Caleb J. McNulty

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Caleb Jefferson McNulty (December, 1816—July 12, 1846) was an American lawyer, newspaper editor and politician. Active in the Democratic Party, he became Clerk of the U.S. House of Representatives; while serving in this post he was alleged to have embezzled congressional funds; some charges were subsequently dismissed, and he was acquitted of the others. John Quincy Adams, then serving as a Whig member of the House, referred to the charges as a “… memorable development of Democratic defalcation[1]

Early life[edit]

Born in West Middletown, Washington County, Pennsylvania, McNulty graduated from Jefferson College, and moved to Zanesville, Ohio, and then to Mount Vernon. He practiced law, worked as editor of the Democratic Banner newspaper, and became active in politics as a Democrat. McNulty served as Clerk of the Ohio House of Representatives, and was subsequently elected to the House himself.

On December 6, 1843, McNulty was elected by the members of the U.S. House to serve as their Clerk, defeating incumbent Matthew St. Clair Clarke of Pennsylvania.[2][3]

In 1844, he ran for U.S. Congress, and lost to Whig candidate Columbus Delano by only 12 votes.

Embezzlement charge[edit]

On January 17, 1845, a shortage of $45,000 was reported from a U.S. House contingency fund.[4] McNulty was dismissed as Clerk, and the House recommended that the U.S. Secretary of the Treasury institute the necessary legal proceedings to recover the money from McNulty.

During the House investigation, Rep. John B. Weller produced a document ostensibly showing that McNulty had simply deposited $30,000 of House funds with a New York commercial house. McNulty’s accounting clerk produced documents, including a certificate ostensibly showing that the House had a credit for $29,000 dollars at the bank.[5] Edwin Stanton defended McNulty, and succeeded at obtaining dismissal of some charges, and acquittal on the others.[6][7]

Later life[edit]

McNulty's reputation in Ohio was largely undamaged. Though he had previously served in the militia and attained the rank of colonel, at the start of the Mexican-American War he joined the 1st Ohio Volunteer Infantry as a private. He died on a steamship (some sources indicate the Alhambra, others the Jamestown) near Helena, Arkansas while the regiment was en route to New Orleans for transport to Mexico.

Family[edit]

McNulty was survived by his wife, Caroline Abbott Converse McNulty, and a one-year-old son named Rob Roy MacGregor McNulty (later, also, Converse), who had been born in Cincinnati in 1844. Caroline McNulty died before Rob Roy McNulty's tenth birthday, leaving him an orphan.

Rob Roy MacGregor McNulty Converse become a nationally prominent Episcopal priest and U.S. scholar, and a chaplain with the Union Army during the American Civil War. He was wounded at the Battle of Gettysburg and nursed back to health at the Mower U.S.A. General Hospital in Chestnut Hill, Philadelphia. Returned to the field for the Battle of the Wilderness, McNulty’s brigade was captured by Confederates, and he was held as a prisoner of war at Andersonville from May to December, 1864.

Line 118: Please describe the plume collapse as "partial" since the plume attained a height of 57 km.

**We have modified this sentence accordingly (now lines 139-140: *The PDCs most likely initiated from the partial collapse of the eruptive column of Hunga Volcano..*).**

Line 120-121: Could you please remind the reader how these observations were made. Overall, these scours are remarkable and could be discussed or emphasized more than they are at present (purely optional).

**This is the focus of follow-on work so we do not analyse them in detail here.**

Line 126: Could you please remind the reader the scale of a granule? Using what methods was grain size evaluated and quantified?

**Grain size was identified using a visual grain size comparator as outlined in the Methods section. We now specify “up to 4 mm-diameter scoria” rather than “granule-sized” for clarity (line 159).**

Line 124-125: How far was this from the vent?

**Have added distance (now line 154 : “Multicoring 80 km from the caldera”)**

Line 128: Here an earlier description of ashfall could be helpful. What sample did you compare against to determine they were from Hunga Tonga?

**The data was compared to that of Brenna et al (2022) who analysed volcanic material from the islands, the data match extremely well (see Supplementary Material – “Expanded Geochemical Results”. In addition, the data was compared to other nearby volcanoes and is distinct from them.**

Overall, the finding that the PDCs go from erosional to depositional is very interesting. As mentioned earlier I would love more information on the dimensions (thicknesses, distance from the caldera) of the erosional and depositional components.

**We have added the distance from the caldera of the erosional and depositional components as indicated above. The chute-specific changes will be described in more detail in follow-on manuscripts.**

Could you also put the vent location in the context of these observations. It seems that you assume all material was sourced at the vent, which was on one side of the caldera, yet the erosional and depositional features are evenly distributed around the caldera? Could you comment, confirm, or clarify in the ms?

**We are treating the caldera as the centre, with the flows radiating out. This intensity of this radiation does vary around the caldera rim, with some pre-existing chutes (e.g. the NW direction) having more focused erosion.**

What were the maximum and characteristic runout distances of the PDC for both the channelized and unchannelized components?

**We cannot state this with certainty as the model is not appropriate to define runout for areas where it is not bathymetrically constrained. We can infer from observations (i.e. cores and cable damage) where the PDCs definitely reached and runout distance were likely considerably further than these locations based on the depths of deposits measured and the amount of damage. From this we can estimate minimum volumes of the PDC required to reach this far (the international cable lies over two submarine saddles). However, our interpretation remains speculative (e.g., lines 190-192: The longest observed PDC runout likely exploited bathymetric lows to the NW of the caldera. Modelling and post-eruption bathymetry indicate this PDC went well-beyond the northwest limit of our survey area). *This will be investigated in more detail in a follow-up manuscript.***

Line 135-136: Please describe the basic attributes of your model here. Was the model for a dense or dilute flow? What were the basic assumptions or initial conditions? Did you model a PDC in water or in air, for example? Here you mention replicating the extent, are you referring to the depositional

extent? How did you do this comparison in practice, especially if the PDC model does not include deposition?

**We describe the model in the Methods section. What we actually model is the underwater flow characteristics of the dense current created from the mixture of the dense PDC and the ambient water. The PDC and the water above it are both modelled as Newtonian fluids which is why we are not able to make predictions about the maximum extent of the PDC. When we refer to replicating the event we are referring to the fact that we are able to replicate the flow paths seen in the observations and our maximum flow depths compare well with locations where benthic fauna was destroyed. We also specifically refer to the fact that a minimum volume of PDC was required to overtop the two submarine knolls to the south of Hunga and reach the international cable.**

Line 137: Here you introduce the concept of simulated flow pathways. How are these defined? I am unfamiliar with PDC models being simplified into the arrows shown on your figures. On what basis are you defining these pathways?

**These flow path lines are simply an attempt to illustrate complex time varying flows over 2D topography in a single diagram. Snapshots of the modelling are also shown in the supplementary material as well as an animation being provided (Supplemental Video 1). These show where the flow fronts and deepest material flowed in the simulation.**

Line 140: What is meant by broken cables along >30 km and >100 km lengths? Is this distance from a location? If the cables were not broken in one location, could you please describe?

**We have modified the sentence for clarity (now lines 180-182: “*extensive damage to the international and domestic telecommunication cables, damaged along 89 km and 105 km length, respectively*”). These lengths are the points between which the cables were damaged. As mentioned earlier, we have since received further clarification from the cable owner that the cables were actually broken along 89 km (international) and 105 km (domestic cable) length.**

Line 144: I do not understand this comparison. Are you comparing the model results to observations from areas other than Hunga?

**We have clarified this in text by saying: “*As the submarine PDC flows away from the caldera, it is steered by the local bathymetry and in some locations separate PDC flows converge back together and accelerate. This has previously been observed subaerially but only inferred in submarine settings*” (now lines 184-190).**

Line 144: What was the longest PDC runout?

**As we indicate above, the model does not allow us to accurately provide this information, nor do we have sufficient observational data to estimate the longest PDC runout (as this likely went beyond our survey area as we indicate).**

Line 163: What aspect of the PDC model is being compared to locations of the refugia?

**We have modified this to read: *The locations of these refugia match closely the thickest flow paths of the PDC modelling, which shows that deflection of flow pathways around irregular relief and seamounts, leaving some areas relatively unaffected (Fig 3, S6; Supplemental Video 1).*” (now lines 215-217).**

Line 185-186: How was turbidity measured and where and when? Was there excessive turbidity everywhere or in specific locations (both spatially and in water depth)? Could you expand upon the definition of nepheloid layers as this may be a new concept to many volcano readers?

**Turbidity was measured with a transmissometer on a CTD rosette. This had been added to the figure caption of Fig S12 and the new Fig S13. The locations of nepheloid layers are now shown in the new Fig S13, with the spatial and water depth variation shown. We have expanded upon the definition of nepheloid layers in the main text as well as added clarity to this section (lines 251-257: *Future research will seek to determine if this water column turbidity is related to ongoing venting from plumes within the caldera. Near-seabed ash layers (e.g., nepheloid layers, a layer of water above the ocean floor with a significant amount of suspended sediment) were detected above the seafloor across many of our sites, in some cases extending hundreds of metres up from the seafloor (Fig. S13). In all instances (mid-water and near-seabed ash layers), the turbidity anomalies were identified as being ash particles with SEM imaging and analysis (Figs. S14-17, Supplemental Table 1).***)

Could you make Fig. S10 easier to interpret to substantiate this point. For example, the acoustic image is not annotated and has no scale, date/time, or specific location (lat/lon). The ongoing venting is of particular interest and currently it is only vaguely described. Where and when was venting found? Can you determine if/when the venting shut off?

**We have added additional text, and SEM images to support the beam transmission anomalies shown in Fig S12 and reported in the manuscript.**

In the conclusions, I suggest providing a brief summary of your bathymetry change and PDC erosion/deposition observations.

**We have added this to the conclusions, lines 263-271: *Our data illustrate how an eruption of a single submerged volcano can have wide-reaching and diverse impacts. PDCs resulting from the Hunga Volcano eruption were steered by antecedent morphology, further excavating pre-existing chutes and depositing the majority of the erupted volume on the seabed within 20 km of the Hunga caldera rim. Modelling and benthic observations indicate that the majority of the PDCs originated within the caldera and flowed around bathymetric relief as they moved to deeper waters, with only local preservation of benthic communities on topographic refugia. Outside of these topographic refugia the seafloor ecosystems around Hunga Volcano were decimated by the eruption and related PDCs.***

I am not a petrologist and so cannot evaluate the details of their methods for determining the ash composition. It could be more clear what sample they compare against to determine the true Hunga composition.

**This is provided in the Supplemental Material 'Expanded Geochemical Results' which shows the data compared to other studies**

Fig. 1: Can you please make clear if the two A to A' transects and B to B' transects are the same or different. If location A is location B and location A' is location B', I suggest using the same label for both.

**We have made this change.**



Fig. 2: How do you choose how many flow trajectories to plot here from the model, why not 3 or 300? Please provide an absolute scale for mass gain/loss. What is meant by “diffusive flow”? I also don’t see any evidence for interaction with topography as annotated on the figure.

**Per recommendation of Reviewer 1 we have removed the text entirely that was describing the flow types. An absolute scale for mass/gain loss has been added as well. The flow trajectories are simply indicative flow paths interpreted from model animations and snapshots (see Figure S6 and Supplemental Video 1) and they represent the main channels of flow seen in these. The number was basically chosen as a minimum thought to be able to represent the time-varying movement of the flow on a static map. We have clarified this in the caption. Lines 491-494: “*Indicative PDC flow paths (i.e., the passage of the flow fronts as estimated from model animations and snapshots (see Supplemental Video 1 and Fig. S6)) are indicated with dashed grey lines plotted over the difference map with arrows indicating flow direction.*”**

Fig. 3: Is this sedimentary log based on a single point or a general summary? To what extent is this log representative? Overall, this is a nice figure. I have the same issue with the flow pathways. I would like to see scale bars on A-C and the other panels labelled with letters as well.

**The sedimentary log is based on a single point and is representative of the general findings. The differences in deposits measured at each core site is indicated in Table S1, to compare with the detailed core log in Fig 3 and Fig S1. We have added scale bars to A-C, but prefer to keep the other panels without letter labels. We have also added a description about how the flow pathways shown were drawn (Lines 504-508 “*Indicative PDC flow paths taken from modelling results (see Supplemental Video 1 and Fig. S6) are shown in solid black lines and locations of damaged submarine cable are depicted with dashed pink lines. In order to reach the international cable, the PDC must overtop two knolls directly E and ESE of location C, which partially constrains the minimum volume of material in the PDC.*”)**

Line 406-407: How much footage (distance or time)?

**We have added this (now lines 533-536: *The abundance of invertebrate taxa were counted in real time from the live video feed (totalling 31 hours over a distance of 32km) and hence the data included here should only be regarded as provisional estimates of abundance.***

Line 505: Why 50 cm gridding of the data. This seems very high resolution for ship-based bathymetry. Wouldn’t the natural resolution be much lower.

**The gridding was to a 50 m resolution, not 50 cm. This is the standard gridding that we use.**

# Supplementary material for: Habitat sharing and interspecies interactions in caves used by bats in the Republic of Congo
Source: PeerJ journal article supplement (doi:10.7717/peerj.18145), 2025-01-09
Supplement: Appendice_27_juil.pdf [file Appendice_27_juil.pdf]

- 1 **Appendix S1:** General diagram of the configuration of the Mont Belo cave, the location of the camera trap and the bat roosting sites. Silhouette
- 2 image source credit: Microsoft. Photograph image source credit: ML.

After the war Rob Roy McNulty was successively rector of St. John’s Church in Waterbury, Connecticut, Christ Church in Corning, New York, and St. Luke’s Church in Rochester, New York. A Phi Beta Kappa graduate of Iowa’s Griswold College, he was also a professor of mathematics and science and chaplain at Washington and Jefferson College and Hobart College. He was also president of the Archeological Institute of America and a fellow of the American Geographical Society.[8][9][10][11]

See also[edit]

References[edit]

  1. ^ Memoirs of John Quincy Adams, his diary from 1795 to 1848, Charles Francis Adams, ed., Philadelphia, J.B. Lippincott & Co., © 1877, Vol. 12, p. 148 (entry for January 17, 1845)
  2. ^ History of Washington County, Pennsylvania with biographical sketches of many of its pioneers and prominent men, Boyd Crumrine, ed., Philadelphia H.L. Everts & Co., 1882, p. 676
  3. ^ Biographical Directory of the United States Congress 1774-2005, Washington, D.C., U.S. Government Printing Office, © 2005, p. 127
  4. ^ Again, Memoirs of John Quincy Adams, his diary from 1795 to 1848, Charles Francis Adams, ed., Philadelphia, J.B. Lippincott & Co., © 1877, Vol. 12, p. 148 (entry for January 17, 1845)
  5. ^ Memoirs of John Quincy Adams, his diary from 1795 to 1848, Charles Francis Adams, ed., Philadelphia, J.B. Lippincott & Co., © 1877, Vol. 12, p. 148-150 (entries for January 17 and 18, 1845)
  6. ^ “went to Washington and succeeded in having an indictment against Caleb McNulty, a defaulting clerk of the House of Representatives dismissed, thus saving”, p.27, Joseph Beatty Doyle, In memoriam, Edwin McMasters Stanton, his life and work, with an account of dedication of a bronze statue in his native city, E Book [1]
  7. ^ [2]
  8. ^ Some of the Ancestors and Descendants of Samuel Converse, Jr. (Vol. II) (Ed. Charles Evans Converse). (1905). Boston: Eben Putnam, p. 443 (digitized by Google September 24, 2007)
  9. ^ Builders of Our Nation, published annually, “Men of 1913”. (1914). Chicago: American Publishers Association, p. 122 (digitized by Google June 6, 2013)
  10. ^ Thomas William Herringshaw, The American Blue Book of Biography. (1913). Chicago: American Publishers Association, p. 183 (digitized by Google April 11, 2011)
  11. ^ Niles National Register newspaper, Philadelphia, Pennsylvania (founder Niles Hezekia, lived 1777-1839) edition archived as NNR 70.343, available digitized by subscription at www.nilesregister.com, also, [3]
Government offices
Preceded by
Matthew St. Clair Clarke
Clerk of the United States House of Representatives
December 6, 1843 - January 18, 1845
Succeeded by
Benjamin B. French